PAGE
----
“I moved to Sheffield in 2000 to work at Hallam University,” Renshaw Snr told The Sunday Telegraph. “That’s when I played my season for Sheffield Collegiate [the club that produced not only Root but also Michael Vaughan, almost two decades earlier]. But it didn’t last long because somebody put a job on my desk that was based in Auckland. Two months later we were moving to New Zealand. Four years after that, we were in Brisbane.” Matt Renshaw’s skills have thus been honed in three countries. More than anything, though, he is his father’s son. As Australia team-mate Usman Khawaja told him: “You’re just your dad’s experiment.”
“My big thing is about how the environment shapes behaviour,” Ian explains. “For instance, if you hit a golf ball on the range and then take the same club on the course, your swing changes completely. Which raises the question, why do we spend so much time on the range? The same thing is true of cricket nets, where you don’t see where the ball goes. So I would work with Matthew in the middle, using cones to mark the position of fielders. I’d have 70 or 80 balls in a bag and I’d send them down, bowling an over of spin and then using a dogthrower to simulate an over of seam and swing. The idea is to focus on the outcome, not whether you’re hitting the ball with a high elbow.”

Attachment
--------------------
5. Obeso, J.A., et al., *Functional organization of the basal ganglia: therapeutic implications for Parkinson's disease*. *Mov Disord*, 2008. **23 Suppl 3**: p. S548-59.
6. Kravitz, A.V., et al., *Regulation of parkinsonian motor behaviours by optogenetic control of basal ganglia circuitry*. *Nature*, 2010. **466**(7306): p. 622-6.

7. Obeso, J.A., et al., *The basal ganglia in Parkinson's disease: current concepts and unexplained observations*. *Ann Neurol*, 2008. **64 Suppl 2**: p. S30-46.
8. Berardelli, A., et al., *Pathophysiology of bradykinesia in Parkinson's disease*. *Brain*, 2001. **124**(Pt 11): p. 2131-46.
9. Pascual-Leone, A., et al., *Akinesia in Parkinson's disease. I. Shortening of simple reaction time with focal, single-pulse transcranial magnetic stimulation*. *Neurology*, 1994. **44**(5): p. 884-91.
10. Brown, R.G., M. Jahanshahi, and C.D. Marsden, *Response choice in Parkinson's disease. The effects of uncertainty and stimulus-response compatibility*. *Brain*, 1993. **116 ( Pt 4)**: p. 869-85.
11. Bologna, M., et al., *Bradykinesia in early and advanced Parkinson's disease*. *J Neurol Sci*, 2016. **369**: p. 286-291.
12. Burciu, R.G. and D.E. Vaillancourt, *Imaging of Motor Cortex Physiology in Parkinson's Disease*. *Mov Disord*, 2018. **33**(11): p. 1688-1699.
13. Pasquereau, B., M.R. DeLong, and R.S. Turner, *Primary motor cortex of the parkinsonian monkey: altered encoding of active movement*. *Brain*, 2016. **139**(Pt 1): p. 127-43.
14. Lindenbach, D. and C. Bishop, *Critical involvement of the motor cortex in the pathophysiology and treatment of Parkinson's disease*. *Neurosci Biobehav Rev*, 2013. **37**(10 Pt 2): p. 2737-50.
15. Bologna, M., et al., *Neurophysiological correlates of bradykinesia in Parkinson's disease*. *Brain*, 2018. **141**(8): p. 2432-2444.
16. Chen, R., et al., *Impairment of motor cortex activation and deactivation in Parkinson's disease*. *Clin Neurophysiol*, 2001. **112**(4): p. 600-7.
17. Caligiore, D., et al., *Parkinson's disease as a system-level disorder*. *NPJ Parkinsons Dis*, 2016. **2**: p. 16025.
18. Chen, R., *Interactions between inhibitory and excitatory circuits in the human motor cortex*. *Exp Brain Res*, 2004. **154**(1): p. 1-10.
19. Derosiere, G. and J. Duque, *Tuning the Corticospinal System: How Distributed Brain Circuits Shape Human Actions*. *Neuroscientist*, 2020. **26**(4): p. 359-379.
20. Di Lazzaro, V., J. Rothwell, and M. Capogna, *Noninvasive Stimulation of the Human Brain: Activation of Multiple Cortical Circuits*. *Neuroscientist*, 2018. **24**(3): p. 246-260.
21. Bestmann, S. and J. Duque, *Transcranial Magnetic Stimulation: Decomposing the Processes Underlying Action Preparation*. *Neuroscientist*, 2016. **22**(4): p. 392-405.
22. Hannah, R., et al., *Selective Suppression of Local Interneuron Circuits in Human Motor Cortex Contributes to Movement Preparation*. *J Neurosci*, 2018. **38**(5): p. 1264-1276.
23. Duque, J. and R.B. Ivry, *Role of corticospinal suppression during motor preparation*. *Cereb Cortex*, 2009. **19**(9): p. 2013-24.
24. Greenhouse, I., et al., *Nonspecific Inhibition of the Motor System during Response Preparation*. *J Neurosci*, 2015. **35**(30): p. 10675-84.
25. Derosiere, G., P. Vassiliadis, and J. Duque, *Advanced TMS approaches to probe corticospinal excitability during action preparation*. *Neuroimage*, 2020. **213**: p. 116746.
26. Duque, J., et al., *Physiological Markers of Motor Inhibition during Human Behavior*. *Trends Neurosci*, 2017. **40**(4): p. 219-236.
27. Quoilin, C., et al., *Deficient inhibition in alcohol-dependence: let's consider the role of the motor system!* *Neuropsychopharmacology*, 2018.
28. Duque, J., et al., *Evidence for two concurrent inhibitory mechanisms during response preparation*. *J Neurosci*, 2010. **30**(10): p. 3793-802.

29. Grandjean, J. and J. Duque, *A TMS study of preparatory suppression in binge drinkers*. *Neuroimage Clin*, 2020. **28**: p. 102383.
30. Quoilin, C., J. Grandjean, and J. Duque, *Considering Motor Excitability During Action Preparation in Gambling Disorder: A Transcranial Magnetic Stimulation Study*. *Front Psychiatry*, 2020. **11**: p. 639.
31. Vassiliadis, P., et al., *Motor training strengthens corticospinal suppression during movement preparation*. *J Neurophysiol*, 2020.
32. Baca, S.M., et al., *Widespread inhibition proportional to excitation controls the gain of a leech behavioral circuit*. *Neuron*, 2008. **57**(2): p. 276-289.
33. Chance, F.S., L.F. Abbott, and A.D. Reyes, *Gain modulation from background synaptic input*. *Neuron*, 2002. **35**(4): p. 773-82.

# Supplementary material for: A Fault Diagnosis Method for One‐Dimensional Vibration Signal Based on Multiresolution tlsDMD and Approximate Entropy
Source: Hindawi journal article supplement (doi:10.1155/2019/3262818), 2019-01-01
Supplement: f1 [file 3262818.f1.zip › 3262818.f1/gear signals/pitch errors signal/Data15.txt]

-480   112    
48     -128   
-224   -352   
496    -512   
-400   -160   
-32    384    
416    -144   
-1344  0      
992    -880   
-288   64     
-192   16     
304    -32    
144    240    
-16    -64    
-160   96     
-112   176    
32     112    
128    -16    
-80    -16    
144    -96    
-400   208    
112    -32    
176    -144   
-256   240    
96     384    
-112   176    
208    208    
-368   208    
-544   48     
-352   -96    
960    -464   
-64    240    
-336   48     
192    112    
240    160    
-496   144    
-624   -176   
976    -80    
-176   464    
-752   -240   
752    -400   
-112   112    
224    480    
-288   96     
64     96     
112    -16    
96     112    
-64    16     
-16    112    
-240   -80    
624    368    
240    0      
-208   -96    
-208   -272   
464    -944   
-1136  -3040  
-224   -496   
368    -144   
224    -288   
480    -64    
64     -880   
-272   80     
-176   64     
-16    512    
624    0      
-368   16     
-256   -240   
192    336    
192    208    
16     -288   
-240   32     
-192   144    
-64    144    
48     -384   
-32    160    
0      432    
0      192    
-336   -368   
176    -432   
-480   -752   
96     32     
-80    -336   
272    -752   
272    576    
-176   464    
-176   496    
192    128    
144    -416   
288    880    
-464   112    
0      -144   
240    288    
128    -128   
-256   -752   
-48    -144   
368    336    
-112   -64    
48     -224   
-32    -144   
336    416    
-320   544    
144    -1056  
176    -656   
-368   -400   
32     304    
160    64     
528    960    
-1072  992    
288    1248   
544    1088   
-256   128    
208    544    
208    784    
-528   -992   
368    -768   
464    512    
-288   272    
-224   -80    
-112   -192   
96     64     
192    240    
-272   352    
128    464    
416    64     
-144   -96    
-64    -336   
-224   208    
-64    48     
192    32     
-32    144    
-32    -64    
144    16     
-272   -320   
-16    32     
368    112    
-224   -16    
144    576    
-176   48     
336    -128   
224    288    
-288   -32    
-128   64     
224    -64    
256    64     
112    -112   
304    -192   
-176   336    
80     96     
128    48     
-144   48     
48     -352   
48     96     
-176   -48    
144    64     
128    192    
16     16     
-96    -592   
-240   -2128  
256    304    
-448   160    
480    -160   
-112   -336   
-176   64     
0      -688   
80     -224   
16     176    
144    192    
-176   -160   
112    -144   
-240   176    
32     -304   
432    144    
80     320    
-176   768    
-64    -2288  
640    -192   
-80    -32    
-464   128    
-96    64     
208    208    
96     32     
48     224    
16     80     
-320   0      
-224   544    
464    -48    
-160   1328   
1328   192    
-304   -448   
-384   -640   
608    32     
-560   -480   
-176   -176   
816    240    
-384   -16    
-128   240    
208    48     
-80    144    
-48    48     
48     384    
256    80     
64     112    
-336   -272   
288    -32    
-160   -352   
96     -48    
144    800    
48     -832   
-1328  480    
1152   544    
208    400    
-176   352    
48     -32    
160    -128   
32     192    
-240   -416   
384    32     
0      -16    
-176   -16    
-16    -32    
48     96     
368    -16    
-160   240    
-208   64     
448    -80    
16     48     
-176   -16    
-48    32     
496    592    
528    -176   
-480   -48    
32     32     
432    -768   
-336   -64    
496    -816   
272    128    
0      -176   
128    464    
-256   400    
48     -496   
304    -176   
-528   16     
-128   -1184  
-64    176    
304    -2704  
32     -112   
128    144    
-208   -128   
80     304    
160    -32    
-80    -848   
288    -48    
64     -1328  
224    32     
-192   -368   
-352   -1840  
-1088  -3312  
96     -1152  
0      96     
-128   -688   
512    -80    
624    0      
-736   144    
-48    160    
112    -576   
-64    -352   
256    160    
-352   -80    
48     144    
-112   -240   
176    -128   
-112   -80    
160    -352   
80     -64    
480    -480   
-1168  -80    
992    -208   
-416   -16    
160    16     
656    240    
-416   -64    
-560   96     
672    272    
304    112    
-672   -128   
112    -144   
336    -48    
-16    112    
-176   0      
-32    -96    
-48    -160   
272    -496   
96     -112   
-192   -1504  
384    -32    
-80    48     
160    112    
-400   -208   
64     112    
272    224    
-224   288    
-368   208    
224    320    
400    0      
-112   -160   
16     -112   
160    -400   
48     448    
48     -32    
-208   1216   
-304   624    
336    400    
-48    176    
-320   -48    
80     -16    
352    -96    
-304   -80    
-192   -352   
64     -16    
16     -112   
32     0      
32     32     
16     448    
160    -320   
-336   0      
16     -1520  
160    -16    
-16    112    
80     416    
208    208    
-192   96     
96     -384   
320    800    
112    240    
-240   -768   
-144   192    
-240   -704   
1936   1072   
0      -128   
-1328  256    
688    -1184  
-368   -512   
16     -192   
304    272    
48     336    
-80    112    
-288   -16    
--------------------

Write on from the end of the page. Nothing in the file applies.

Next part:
His techniques are increasingly in demand. Only last weekend, he was at St George’s Park, near Burton-onTrent, to give two presentations to the England and Wales Cricket Board’s coaching conference. The second sketched out the wide variety of techniques he and his son have used in training. Young Matt has become a walking case study.
Was there never any prospect of this talented emigre returning to his roots? You might have thought so after the 2010-11 Ashes Test at The Gabba, when he carried the flag for the England team. “He was just a kid from the Queensland development system,” Ian says. “He got lost on the way out because no one had directed him, Rick Ponting had to say, ‘Over there, son’.”
As soon as Matt had graduated from Brisbane Grammar School, the rump of the family suggested he might fancy spending a summer with Durham. “We tried to get him over two or three seasons ago,” said Steve Woolston, his uncle. “But the Australian set-up were worried about him playing on his British passport.”